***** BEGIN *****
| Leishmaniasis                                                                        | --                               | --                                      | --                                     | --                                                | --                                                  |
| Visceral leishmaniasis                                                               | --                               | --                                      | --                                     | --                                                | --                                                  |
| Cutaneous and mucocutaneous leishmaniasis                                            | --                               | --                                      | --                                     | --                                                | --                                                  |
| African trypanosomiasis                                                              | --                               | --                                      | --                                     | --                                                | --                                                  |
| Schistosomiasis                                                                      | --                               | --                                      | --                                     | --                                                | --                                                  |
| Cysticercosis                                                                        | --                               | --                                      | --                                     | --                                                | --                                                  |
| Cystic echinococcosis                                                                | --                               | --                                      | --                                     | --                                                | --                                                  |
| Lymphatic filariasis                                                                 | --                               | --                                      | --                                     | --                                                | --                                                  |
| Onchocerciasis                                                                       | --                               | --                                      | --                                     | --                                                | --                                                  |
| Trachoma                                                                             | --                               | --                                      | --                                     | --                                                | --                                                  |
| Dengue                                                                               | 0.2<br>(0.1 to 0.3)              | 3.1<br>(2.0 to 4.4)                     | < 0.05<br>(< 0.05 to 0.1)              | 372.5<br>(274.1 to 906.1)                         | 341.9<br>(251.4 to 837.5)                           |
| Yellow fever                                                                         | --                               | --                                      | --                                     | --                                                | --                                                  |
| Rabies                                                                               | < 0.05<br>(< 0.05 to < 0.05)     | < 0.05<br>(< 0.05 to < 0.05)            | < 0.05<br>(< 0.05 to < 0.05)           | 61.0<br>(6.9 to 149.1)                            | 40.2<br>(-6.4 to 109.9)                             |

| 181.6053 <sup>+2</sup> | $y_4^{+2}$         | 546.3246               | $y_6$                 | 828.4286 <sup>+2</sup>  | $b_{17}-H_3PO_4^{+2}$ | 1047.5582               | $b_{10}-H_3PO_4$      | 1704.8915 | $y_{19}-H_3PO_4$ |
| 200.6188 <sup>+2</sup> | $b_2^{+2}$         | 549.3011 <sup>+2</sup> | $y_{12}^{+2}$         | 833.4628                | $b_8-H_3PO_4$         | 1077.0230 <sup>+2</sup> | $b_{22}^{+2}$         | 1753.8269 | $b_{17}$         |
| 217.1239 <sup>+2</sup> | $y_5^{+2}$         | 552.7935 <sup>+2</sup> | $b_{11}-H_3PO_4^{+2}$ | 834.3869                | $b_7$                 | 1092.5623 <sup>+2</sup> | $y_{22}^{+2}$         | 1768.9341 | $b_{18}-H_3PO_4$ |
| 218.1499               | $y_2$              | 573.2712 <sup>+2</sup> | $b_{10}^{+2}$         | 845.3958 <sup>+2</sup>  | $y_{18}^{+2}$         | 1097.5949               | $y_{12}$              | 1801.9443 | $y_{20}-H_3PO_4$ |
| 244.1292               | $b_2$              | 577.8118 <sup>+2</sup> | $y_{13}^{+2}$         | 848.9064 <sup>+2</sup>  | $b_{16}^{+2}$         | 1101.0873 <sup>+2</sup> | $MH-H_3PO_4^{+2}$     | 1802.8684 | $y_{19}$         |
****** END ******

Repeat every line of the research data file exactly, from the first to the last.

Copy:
| Leishmaniasis                                                                        | --                               | --                                      | --                                     | --                                                | --                                                  |
| Visceral leishmaniasis                                                               | --                               | --                                      | --                                     | --                                                | --                                                  |
| Cutaneous and mucocutaneous leishmaniasis                                            | --                               | --                                      | --                                     | --                                                | --                                                  |
| African trypanosomiasis                                                              | --                               | --                                      | --                                     | --                                                | --                                                  |
| Schistosomiasis                                                                      | --                               | --                                      | --                                     | --                                                | --                                                  |
| Cysticercosis                                                                        | --                               | --                                      | --                                     | --                                                | --                                                  |
| Cystic echinococcosis                                                                | --                               | --                                      | --                                     | --                                                | --                                                  |
| Lymphatic filariasis                                                                 | --                               | --                                      | --                                     | --                                                | --                                                  |
| Onchocerciasis                                                                       | --                               | --                                      | --                                     | --                                                | --                                                  |
| Trachoma                                                                             | --                               | --                                      | --                                     | --                                                | --                                                  |
| Dengue                                                                               | 0.2<br>(0.1 to 0.3)              | 3.1<br>(2.0 to 4.4)                     | < 0.05<br>(< 0.05 to 0.1)              | 372.5<br>(274.1 to 906.1)                         | 341.9<br>(251.4 to 837.5)                           |
| Yellow fever                                                                         | --                               | --                                      | --                                     | --                                                | --                                                  |
| Rabies                                                                               | < 0.05<br>(< 0.05 to < 0.05)     | < 0.05<br>(< 0.05 to < 0.05)            | < 0.05<br>(< 0.05 to < 0.05)           | 61.0<br>(6.9 to 149.1)                            | 40.2<br>(-6.4 to 109.9)                             |

| 181.6053 <sup>+2</sup> | $y_4^{+2}$         | 546.3246               | $y_6$                 | 828.4286 <sup>+2</sup>  | $b_{17}-H_3PO_4^{+2}$ | 1047.5582               | $b_{10}-H_3PO_4$      | 1704.8915 | $y_{19}-H_3PO_4$ |
| 200.6188 <sup>+2</sup> | $b_2^{+2}$         | 549.3011 <sup>+2</sup> | $y_{12}^{+2}$         | 833.4628                | $b_8-H_3PO_4$         | 1077.0230 <sup>+2</sup> | $b_{22}^{+2}$         | 1753.8269 | $b_{17}$         |
| 217.1239 <sup>+2</sup> | $y_5^{+2}$         | 552.7935 <sup>+2</sup> | $b_{11}-H_3PO_4^{+2}$ | 834.3869                | $b_7$                 | 1092.5623 <sup>+2</sup> | $y_{22}^{+2}$         | 1768.9341 | $b_{18}-H_3PO_4$ |
| 218.1499               | $y_2$              | 573.2712 <sup>+2</sup> | $b_{10}^{+2}$         | 845.3958 <sup>+2</sup>  | $y_{18}^{+2}$         | 1097.5949               | $y_{12}$              | 1801.9443 | $y_{20}-H_3PO_4$ |
| 244.1292               | $b_2$              | 577.8118 <sup>+2</sup> | $y_{13}^{+2}$         | 848.9064 <sup>+2</sup>  | $b_{16}^{+2}$         | 1101.0873 <sup>+2</sup> | $MH-H_3PO_4^{+2}$     | 1802.8684 | $y_{19}$         |